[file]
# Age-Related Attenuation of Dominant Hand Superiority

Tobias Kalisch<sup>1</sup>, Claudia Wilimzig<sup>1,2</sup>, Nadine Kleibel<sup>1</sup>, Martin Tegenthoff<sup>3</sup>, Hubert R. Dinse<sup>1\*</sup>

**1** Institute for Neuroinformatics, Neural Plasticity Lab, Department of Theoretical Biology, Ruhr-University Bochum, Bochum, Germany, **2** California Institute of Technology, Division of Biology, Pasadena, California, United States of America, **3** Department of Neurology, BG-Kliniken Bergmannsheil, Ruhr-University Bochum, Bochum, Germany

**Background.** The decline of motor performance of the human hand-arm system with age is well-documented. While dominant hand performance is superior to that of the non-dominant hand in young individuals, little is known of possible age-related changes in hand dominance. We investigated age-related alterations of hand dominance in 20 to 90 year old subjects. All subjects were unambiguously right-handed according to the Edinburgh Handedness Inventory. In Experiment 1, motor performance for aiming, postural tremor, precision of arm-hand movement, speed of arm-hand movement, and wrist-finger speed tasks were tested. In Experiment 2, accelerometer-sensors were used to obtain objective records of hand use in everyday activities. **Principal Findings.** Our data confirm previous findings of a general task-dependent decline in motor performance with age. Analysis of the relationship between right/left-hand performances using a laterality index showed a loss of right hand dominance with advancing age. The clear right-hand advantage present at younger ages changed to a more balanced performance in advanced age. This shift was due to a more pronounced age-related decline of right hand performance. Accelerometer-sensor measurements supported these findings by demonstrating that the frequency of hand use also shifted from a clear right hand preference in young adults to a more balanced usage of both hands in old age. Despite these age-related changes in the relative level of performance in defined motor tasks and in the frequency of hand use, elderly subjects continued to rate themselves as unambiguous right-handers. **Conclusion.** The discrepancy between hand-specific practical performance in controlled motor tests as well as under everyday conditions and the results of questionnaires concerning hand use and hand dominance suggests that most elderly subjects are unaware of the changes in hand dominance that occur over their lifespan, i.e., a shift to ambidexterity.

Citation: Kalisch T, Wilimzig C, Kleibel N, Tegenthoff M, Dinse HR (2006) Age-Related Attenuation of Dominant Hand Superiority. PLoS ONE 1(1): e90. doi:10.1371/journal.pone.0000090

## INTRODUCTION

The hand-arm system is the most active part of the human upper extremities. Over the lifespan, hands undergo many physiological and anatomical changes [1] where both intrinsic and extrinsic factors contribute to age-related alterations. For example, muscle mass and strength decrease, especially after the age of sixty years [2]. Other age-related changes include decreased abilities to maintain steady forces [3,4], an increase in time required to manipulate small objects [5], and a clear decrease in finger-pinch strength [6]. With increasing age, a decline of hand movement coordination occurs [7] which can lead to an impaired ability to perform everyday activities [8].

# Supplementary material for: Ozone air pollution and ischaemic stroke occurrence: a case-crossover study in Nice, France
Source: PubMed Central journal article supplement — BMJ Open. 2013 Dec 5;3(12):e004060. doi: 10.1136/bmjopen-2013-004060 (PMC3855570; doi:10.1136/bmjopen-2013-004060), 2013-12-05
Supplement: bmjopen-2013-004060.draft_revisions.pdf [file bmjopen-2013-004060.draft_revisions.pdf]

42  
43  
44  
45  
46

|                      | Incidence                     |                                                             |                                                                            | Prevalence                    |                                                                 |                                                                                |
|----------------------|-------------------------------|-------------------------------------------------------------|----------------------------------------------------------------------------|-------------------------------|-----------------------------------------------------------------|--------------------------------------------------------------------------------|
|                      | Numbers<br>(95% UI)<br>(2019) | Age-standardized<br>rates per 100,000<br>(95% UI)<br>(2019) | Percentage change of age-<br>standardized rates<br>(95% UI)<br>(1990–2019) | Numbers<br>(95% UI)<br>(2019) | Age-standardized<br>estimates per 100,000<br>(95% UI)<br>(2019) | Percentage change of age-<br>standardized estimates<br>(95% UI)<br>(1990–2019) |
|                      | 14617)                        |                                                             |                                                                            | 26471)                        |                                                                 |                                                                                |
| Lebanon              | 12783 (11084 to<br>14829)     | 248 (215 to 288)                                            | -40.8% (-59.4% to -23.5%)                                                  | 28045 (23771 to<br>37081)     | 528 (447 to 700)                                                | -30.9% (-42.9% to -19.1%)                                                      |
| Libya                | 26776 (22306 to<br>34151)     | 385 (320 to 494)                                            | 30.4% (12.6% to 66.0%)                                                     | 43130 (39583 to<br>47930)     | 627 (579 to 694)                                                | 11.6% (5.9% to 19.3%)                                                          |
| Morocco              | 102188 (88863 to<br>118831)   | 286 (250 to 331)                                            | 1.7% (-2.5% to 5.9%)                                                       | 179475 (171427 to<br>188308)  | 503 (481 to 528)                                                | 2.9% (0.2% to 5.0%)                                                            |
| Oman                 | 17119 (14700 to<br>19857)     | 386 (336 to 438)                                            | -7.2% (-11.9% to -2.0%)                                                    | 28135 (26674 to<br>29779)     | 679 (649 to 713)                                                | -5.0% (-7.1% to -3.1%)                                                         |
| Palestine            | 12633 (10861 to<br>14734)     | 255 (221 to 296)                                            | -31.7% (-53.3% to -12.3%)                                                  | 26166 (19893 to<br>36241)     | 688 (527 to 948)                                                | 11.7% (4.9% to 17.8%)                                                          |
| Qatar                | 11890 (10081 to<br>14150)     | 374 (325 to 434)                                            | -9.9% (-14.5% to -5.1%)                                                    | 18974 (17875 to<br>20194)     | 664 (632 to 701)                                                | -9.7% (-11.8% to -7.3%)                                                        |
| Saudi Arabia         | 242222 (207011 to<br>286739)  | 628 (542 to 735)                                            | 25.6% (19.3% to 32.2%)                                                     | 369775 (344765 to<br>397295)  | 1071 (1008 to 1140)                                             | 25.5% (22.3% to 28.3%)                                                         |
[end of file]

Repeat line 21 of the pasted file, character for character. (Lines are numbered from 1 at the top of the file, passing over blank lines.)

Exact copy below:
| Libya                | 26776 (22306 to<br>34151)     | 385 (320 to 494)                                            | 30.4% (12.6% to 66.0%)                                                     | 43130 (39583 to<br>47930)     | 627 (579 to 694)                                                | 11.6% (5.9% to 19.3%)                                                          |